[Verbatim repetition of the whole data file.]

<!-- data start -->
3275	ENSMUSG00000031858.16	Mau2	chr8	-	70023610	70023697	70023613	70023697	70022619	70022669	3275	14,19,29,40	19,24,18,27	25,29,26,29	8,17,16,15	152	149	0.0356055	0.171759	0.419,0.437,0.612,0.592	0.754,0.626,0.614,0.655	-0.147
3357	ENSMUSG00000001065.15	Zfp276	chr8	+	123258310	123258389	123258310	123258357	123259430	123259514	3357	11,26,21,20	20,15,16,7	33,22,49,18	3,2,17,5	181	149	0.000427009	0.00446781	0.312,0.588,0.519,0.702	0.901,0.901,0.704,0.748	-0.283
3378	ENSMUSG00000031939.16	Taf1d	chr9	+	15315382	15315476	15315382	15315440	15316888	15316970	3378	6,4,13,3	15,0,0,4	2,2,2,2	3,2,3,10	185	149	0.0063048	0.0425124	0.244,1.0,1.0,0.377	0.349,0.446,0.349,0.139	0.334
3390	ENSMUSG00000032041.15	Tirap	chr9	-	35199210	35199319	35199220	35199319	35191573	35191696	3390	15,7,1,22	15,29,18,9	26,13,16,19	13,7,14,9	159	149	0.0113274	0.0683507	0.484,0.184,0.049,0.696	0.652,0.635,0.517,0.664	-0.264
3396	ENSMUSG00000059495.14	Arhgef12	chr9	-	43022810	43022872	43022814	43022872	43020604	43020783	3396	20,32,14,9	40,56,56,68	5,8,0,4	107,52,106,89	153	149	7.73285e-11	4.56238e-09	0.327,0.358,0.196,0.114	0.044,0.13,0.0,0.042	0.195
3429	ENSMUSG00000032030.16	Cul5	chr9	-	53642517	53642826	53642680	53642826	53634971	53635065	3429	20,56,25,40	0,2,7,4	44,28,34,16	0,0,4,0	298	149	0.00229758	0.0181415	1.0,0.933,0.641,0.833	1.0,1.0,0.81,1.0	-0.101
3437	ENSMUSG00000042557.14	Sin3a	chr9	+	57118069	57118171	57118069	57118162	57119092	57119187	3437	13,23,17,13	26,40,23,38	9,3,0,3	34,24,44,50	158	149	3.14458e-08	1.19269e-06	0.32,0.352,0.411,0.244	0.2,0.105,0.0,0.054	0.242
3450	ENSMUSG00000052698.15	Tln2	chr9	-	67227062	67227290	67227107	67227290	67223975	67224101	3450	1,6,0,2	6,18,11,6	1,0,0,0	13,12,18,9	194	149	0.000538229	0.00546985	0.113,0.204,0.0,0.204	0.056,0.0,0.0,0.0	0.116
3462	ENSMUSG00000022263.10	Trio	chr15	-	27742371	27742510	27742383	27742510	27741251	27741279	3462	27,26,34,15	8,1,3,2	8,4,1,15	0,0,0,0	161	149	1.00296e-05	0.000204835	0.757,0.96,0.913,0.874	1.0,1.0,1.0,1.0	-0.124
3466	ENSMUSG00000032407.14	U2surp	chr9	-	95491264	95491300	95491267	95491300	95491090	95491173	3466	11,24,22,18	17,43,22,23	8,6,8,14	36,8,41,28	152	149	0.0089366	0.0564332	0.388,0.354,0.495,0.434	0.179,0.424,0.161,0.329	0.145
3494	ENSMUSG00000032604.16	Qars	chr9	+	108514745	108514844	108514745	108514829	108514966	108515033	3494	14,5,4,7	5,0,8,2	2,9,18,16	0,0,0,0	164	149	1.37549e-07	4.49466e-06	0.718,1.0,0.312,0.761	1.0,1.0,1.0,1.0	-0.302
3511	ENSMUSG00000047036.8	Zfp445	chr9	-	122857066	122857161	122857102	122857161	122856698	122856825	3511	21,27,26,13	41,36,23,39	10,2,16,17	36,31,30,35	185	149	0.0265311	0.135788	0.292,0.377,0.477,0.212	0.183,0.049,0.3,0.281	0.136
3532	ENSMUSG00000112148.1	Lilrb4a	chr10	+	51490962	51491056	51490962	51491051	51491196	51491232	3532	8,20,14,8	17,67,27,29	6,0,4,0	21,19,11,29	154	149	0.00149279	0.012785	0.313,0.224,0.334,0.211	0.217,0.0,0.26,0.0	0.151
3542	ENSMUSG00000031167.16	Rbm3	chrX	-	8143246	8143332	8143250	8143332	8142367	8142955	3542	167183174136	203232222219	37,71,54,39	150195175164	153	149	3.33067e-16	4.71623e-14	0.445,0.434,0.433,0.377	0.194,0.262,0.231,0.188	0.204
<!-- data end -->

3275	ENSMUSG00000031858.16	Mau2	chr8	-	70023610	70023697	70023613	70023697	70022619	70022669	3275	14,19,29,40	19,24,18,27	25,29,26,29	8,17,16,15	152	149	0.0356055	0.171759	0.419,0.437,0.612,0.592	0.754,0.626,0.614,0.655	-0.147
3357	ENSMUSG00000001065.15	Zfp276	chr8	+	123258310	123258389	123258310	123258357	123259430	123259514	3357	11,26,21,20	20,15,16,7	33,22,49,18	3,2,17,5	181	149	0.000427009	0.00446781	0.312,0.588,0.519,0.702	0.901,0.901,0.704,0.748	-0.283
3378	ENSMUSG00000031939.16	Taf1d	chr9	+	15315382	15315476	15315382	15315440	15316888	15316970	3378	6,4,13,3	15,0,0,4	2,2,2,2	3,2,3,10	185	149	0.0063048	0.0425124	0.244,1.0,1.0,0.377	0.349,0.446,0.349,0.139	0.334
3390	ENSMUSG00000032041.15	Tirap	chr9	-	35199210	35199319	35199220	35199319	35191573	35191696	3390	15,7,1,22	15,29,18,9	26,13,16,19	13,7,14,9	159	149	0.0113274	0.0683507	0.484,0.184,0.049,0.696	0.652,0.635,0.517,0.664	-0.264
3396	ENSMUSG00000059495.14	Arhgef12	chr9	-	43022810	43022872	43022814	43022872	43020604	43020783	3396	20,32,14,9	40,56,56,68	5,8,0,4	107,52,106,89	153	149	7.73285e-11	4.56238e-09	0.327,0.358,0.196,0.114	0.044,0.13,0.0,0.042	0.195
3429	ENSMUSG00000032030.16	Cul5	chr9	-	53642517	53642826	53642680	53642826	53634971	53635065	3429	20,56,25,40	0,2,7,4	44,28,34,16	0,0,4,0	298	149	0.00229758	0.0181415	1.0,0.933,0.641,0.833	1.0,1.0,0.81,1.0	-0.101
3437	ENSMUSG00000042557.14	Sin3a	chr9	+	57118069	57118171	57118069	57118162	57119092	57119187	3437	13,23,17,13	26,40,23,38	9,3,0,3	34,24,44,50	158	149	3.14458e-08	1.19269e-06	0.32,0.352,0.411,0.244	0.2,0.105,0.0,0.054	0.242
3450	ENSMUSG00000052698.15	Tln2	chr9	-	67227062	67227290	67227107	67227290	67223975	67224101	3450	1,6,0,2	6,18,11,6	1,0,0,0	13,12,18,9	194	149	0.000538229	0.00546985	0.113,0.204,0.0,0.204	0.056,0.0,0.0,0.0	0.116
3462	ENSMUSG00000022263.10	Trio	chr15	-	27742371	27742510	27742383	27742510	27741251	27741279	3462	27,26,34,15	8,1,3,2	8,4,1,15	0,0,0,0	161	149	1.00296e-05	0.000204835	0.757,0.96,0.913,0.874	1.0,1.0,1.0,1.0	-0.124
3466	ENSMUSG00000032407.14	U2surp	chr9	-	95491264	95491300	95491267	95491300	95491090	95491173	3466	11,24,22,18	17,43,22,23	8,6,8,14	36,8,41,28	152	149	0.0089366	0.0564332	0.388,0.354,0.495,0.434	0.179,0.424,0.161,0.329	0.145
3494	ENSMUSG00000032604.16	Qars	chr9	+	108514745	108514844	108514745	108514829	108514966	108515033	3494	14,5,4,7	5,0,8,2	2,9,18,16	0,0,0,0	164	149	1.37549e-07	4.49466e-06	0.718,1.0,0.312,0.761	1.0,1.0,1.0,1.0	-0.302
3511	ENSMUSG00000047036.8	Zfp445	chr9	-	122857066	122857161	122857102	122857161	122856698	122856825	3511	21,27,26,13	41,36,23,39	10,2,16,17	36,31,30,35	185	149	0.0265311	0.135788	0.292,0.377,0.477,0.212	0.183,0.049,0.3,0.281	0.136
3532	ENSMUSG00000112148.1	Lilrb4a	chr10	+	51490962	51491056	51490962	51491051	51491196	51491232	3532	8,20,14,8	17,67,27,29	6,0,4,0	21,19,11,29	154	149	0.00149279	0.012785	0.313,0.224,0.334,0.211	0.217,0.0,0.26,0.0	0.151
3542	ENSMUSG00000031167.16	Rbm3	chrX	-	8143246	8143332	8143250	8143332	8142367	8142955	3542	167183174136	203232222219	37,71,54,39	150195175164	153	149	3.33067e-16	4.71623e-14	0.445,0.434,0.433,0.377	0.194,0.262,0.231,0.188	0.204